This page forms part of the Transcultural Health resource, published in 2004, and is preserved as a historical document for reference purposes only. Some information contained within it may no longer refer to current practice.

Transcultural health care practice: Transcultural clinical supervision in health care practice

Authors: Zenobia Nadirshaw, Bren Torry


As part of the series of 'Educational Materials in Health Care Practice, published by the Department of Health, this particular module seeks to examine transcultural work-based professional relationships; between managers and staff, staff and mentors, and between supervisors and students whom share working partnerships and practices. There has been a recent growth in information that aims to promote knowledge and awareness of transcultural health care practice, particularly with reference to institutional responsibilities; this module aims to 'balance' the transcultural perspective - by examining transcultural supervisory relationships between staff and students working within multi-cultural environments. Other modules examine issues of direct patient care, and line managerial perspectives, organisational structures and institutional responsibilities; when studying the content of this module it is important to draw upon knowledge from these other modules, particularly:

  • the politics of diversity by Charles Husband
  • transcultural Communication and Health Care Practice by Charles Husband and Edwin Hoffman
  • race equality management by Karen Chouhan and Dave Weaver
  • multi-disciplinary / Multi-agency Partnerships Across Cultures: A Health Perspective, by Udy Archibong et al
  • the Practice Core, by Sue Dyson et al.

Before we proceed further, it would be worth clarifying the different terminology used in clinical supervision, and referred to throughout this module.


Clinical supervision

An activity that brings skilled supervisors and practitioners together in order to reflect upon their practice. "Supervision aims to identify solutions to problems, improve practice and increase understanding of professional issues" UKCC (1996). There are various models or approaches to clinical supervision; one-to-one supervision, group supervision, peer group supervision. The choice of approach will depend upon a number of factors, including personal choice, access to supervision, length of experience, qualifications, availability of supervisory groups, etc.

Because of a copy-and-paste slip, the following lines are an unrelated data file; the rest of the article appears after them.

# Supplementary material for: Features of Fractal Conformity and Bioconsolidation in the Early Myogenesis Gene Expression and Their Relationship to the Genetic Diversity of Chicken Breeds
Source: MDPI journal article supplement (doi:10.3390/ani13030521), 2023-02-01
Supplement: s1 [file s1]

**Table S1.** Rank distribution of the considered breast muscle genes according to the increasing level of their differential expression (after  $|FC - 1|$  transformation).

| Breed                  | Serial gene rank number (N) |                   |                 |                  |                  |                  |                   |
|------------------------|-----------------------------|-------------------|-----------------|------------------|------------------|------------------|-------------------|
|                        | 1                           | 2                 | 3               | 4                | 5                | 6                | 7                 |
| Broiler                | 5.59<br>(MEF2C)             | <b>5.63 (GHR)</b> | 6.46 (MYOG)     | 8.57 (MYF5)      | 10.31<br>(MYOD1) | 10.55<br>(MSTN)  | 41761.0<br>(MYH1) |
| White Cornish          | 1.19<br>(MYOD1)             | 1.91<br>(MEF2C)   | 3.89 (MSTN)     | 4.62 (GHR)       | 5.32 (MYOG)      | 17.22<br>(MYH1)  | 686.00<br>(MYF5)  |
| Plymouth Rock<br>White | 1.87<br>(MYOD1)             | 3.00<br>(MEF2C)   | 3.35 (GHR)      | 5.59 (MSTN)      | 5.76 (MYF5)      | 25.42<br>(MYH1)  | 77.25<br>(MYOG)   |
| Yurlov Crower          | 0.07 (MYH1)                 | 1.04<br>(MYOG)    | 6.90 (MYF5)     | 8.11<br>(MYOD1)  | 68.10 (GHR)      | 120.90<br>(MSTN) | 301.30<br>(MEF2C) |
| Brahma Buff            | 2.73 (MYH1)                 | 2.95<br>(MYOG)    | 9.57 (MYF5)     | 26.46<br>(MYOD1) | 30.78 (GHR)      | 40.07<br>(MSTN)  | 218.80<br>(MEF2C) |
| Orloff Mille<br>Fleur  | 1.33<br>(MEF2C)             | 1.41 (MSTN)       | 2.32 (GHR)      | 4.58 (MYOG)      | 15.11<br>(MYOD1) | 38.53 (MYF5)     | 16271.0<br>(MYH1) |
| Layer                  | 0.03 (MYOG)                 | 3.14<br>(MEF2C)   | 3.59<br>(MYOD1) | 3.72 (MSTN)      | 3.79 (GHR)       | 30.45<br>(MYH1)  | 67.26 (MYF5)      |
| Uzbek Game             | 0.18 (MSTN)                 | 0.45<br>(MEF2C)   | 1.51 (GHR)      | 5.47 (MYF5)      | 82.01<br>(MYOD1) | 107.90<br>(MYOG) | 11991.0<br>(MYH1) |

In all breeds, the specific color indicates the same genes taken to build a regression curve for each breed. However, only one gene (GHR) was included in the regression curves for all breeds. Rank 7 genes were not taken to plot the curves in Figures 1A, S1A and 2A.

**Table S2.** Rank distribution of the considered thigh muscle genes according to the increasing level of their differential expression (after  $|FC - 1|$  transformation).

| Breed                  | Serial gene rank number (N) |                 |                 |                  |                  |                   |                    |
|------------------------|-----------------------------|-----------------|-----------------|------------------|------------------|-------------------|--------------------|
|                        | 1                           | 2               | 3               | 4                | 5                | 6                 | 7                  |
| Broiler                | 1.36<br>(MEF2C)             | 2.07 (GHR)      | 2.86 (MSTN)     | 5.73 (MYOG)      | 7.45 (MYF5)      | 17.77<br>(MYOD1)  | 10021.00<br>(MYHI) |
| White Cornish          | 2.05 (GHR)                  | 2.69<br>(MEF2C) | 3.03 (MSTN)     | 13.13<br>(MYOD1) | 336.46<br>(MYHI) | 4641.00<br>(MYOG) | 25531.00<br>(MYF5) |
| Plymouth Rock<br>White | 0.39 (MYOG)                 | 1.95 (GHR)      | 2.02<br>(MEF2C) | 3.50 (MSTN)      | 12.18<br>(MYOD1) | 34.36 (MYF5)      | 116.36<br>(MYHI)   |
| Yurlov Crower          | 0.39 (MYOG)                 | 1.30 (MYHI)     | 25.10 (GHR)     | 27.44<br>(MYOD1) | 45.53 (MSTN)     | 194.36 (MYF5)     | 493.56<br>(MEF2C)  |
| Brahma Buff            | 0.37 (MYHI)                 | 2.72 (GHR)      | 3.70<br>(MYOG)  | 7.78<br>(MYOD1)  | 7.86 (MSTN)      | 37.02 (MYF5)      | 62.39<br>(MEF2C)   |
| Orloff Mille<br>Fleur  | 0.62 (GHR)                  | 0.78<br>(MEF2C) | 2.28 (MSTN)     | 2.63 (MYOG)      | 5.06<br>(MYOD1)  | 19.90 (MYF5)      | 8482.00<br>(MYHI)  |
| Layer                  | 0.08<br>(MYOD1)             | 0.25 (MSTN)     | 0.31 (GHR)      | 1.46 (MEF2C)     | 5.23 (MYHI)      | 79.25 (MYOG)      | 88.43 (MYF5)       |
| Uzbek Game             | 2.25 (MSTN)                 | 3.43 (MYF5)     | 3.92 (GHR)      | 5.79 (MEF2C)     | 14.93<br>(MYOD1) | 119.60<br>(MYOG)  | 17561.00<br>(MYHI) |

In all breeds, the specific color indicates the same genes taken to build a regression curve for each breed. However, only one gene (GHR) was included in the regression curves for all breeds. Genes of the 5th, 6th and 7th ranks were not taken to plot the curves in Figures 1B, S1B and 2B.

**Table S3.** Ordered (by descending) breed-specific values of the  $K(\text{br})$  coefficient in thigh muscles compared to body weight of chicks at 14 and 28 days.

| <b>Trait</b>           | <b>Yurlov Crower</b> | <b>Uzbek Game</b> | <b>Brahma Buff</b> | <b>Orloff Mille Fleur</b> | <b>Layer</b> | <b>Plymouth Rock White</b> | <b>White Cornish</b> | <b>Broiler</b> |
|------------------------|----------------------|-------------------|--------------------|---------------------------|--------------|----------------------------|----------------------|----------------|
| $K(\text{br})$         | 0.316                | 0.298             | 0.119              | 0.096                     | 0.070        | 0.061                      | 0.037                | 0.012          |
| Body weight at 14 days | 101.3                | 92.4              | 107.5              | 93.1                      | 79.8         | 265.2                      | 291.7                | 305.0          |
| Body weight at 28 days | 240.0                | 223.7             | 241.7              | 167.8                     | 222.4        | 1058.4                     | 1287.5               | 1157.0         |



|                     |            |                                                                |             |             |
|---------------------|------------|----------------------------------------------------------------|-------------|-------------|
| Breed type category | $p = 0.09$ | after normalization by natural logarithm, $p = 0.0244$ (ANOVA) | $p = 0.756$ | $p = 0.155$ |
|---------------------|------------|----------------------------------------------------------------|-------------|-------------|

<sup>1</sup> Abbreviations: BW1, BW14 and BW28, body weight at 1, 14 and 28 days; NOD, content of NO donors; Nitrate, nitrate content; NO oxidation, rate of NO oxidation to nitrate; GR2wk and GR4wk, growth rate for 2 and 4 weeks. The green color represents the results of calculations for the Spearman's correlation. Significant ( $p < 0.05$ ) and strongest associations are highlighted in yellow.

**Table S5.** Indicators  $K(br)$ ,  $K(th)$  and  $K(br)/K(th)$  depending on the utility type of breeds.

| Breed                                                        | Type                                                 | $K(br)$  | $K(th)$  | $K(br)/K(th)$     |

A skilled professional who assists practitioners in the development of their skills, knowledge and professional values. A supervisor, in this instance, is a qualified practitioner who has sufficient experience to deploy advice in a supervisory situation. Supervisors may be line managers, or colleagues, who are in a position to counsel staff on practice guidelines and applied policy.


A practitioner who receives professional advice, support and guidance from a supervisor. The UKCC (1996) suggests that clinical supervision will enable the supervisee to develop greater knowledge and a deeper understanding of accountability. Of course, for those practitioners who are very experienced in their field of work, a supervisor may be used more as a source of support for reflection on practice.

Transcultural clinical supervision

Within any good working relationship the effective process of communication and interaction is an essential ingredient. In a clinical supervision relationship, whether it is between two individuals or a group of people, communication and interaction provides the essential framework for the professional relationship to develop. It helps build up trust and rapport, and it provides an articulate process that is empowering, supportive and, when necessary, directive. One of the principle barriers within a clinical supervisory relationship is the presence of 'professional power'. Power inequalities arise within supervisor and supervisee relationships, and between majority ethnic groups and minority ethnic groups. Transcultural clinical supervision is concerned with the process of supervision between practitioners who have different cultural and ethnic backgrounds.